Sharon Tyler Herbst calls these orange custard cookies “tiny two-bite tarts.” Actually, she calls them “tiny two-bite cookies,” but tarts is much more alliterative, don’t you agree? And they certainly look like tiny tarts.
These are among the more fussy confections in The Joy of Cookies, but the effort is worth the result. The yield is allegedly 24 mini-muffin-sized treats, but I found that the ingredients would easily make at least 30. The flaky pastry cup holds an almond custard filling flavored … no, scented — perfumed, even — with orange blossom water and fresh orange zest. The custard rises as it bakes and forms a gorgeous little top crust. And the taste is a mouthful of sunshine. Ok, two mouthfuls.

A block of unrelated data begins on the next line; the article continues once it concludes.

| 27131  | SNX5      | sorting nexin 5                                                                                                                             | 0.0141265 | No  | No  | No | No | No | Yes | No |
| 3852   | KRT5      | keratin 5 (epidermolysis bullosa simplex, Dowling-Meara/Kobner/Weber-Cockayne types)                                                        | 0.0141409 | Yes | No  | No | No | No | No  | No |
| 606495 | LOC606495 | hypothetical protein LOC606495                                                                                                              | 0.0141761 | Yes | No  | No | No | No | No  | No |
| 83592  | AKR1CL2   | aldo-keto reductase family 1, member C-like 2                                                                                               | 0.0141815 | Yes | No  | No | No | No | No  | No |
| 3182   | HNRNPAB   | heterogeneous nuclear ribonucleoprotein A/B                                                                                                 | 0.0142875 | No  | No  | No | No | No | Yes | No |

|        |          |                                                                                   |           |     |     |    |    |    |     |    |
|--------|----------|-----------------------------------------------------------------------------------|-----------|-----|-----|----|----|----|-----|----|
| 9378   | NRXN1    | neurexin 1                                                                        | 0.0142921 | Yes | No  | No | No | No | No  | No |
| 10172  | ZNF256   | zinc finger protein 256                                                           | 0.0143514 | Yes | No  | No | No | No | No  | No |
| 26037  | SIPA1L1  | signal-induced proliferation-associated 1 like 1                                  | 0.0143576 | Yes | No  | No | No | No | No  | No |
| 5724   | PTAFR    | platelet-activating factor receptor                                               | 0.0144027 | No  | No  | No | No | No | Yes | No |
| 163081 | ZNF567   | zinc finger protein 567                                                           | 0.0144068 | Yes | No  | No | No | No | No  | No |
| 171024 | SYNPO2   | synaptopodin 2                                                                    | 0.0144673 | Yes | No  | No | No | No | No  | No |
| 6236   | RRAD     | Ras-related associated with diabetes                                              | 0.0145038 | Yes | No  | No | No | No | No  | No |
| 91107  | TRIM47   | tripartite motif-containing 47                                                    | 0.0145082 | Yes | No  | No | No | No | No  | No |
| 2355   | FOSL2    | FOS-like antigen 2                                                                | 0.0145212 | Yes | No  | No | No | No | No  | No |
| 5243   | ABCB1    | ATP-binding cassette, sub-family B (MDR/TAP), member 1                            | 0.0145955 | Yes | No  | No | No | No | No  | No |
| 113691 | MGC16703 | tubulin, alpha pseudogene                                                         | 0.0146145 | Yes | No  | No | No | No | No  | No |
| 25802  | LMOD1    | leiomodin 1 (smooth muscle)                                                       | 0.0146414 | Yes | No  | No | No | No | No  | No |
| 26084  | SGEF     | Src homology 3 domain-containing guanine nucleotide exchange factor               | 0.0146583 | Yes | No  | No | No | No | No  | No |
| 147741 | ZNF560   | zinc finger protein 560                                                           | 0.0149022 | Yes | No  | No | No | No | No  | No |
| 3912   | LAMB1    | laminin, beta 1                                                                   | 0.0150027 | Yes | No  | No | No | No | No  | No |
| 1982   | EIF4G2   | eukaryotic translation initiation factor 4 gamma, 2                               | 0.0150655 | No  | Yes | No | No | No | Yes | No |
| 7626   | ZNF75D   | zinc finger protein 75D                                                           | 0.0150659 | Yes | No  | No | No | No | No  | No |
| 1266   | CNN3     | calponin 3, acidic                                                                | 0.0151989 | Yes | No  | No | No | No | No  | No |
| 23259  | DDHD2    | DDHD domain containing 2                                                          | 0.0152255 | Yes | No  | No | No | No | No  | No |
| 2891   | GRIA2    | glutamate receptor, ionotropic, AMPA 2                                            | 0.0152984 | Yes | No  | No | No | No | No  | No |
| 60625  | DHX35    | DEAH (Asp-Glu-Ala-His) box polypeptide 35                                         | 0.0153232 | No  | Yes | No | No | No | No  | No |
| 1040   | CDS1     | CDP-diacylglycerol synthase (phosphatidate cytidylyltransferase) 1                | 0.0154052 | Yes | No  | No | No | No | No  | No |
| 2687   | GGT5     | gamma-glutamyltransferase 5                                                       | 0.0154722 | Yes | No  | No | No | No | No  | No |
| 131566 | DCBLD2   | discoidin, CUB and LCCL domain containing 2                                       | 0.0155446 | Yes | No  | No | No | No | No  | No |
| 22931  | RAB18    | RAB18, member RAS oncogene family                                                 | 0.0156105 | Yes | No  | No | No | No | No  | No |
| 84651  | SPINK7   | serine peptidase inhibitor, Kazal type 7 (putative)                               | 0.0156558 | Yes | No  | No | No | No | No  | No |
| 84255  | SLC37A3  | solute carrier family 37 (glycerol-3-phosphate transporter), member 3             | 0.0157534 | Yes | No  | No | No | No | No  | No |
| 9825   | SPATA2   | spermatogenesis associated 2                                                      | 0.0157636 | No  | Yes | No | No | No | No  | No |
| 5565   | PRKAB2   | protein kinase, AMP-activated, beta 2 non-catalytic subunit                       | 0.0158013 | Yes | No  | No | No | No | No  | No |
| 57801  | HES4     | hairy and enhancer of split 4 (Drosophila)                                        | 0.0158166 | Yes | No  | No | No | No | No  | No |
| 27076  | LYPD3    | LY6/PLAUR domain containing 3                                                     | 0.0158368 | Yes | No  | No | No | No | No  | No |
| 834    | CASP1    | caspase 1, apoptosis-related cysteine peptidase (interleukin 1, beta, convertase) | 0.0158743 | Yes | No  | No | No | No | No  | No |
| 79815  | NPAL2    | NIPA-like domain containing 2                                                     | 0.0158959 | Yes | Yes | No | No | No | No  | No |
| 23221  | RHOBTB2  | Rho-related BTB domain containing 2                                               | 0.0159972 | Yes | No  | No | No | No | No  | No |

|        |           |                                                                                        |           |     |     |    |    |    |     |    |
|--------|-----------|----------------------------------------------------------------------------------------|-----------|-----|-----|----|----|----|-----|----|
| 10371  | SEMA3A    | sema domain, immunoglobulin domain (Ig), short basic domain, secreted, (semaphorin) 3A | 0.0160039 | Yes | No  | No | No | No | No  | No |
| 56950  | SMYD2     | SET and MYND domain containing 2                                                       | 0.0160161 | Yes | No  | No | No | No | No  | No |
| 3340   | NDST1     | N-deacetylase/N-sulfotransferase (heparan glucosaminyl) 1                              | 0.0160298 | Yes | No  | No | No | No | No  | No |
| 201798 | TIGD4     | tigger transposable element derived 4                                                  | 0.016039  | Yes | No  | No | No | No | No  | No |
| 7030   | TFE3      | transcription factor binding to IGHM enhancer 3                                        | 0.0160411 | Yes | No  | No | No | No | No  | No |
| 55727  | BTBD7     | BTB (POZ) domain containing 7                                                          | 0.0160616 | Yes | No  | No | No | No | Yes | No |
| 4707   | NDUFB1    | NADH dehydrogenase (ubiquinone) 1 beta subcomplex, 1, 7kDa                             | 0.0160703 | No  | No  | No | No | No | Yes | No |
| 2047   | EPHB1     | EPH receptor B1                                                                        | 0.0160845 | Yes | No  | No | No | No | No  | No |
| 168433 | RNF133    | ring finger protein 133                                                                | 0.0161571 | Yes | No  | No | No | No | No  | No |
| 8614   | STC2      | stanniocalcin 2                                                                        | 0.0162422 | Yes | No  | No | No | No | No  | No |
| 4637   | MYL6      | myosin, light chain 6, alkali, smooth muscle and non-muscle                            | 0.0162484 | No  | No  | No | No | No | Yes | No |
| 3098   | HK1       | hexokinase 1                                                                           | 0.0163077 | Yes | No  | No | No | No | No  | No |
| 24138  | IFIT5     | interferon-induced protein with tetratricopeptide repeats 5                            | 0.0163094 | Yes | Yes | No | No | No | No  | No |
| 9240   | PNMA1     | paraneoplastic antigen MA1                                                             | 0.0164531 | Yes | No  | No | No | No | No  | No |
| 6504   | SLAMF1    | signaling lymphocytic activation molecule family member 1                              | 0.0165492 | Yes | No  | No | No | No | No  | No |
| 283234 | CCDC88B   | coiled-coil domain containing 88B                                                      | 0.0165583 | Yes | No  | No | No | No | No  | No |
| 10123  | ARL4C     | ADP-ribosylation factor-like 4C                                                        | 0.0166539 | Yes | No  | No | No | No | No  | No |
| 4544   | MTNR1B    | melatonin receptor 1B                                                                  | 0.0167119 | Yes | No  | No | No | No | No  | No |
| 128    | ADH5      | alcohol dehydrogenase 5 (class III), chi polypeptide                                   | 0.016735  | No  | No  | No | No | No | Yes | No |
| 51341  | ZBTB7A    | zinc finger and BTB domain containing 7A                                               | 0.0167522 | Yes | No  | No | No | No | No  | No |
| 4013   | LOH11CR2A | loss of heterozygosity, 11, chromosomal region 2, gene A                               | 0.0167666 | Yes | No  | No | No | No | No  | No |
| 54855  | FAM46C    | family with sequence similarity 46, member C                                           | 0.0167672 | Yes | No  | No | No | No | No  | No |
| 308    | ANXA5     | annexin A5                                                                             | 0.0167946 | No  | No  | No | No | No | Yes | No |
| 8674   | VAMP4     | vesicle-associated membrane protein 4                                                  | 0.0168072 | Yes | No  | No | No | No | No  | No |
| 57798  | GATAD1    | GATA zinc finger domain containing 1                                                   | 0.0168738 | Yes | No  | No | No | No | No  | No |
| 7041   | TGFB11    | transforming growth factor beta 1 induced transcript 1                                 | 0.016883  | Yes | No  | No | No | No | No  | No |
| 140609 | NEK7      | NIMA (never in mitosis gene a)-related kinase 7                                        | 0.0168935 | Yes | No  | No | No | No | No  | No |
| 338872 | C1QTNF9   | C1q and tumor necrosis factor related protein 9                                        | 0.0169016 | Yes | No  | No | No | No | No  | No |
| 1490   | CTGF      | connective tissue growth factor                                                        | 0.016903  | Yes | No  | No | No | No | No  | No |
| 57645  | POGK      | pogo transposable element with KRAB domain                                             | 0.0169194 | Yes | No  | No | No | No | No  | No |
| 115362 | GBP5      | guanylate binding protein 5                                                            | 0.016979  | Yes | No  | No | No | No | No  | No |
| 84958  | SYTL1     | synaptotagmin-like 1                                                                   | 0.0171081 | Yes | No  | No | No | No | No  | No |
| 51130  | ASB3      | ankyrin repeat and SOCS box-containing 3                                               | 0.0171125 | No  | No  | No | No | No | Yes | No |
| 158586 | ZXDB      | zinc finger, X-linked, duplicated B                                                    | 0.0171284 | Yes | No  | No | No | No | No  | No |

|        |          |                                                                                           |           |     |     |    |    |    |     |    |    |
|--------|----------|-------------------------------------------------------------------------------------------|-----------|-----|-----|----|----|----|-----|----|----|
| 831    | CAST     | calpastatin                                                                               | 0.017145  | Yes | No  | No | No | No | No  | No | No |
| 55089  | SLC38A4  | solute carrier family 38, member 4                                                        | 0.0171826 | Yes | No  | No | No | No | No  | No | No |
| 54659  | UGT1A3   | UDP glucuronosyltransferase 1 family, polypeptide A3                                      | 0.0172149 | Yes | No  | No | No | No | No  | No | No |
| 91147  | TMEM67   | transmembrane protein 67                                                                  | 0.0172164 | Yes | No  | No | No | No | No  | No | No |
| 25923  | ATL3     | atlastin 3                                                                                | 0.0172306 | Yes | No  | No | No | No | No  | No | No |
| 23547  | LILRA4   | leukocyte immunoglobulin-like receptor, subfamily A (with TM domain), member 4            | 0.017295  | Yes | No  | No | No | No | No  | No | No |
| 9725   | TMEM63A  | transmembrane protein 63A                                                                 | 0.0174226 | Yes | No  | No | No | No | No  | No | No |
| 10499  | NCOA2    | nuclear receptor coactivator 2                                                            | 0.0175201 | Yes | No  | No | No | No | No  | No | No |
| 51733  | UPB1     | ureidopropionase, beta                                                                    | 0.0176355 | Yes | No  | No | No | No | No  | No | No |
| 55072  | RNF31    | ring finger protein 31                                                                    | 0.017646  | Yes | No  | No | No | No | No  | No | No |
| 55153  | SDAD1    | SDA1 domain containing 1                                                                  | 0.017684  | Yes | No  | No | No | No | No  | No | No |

I consulted my ancient Cassell’s French-to-English from grad school days. Mirliton is a reed-pipe, a cream-roll or a conical shako, according to it, and a vers de mirliton is a doggerel. I assume one plays a vers de mirliton on a reed-pipe whilst wearing a conical shako? The only other clue to the origin of the connection between name and the confection is perhaps found at this blog link: With a Glass. I wouldn’t mind going to Rouen to investigate further!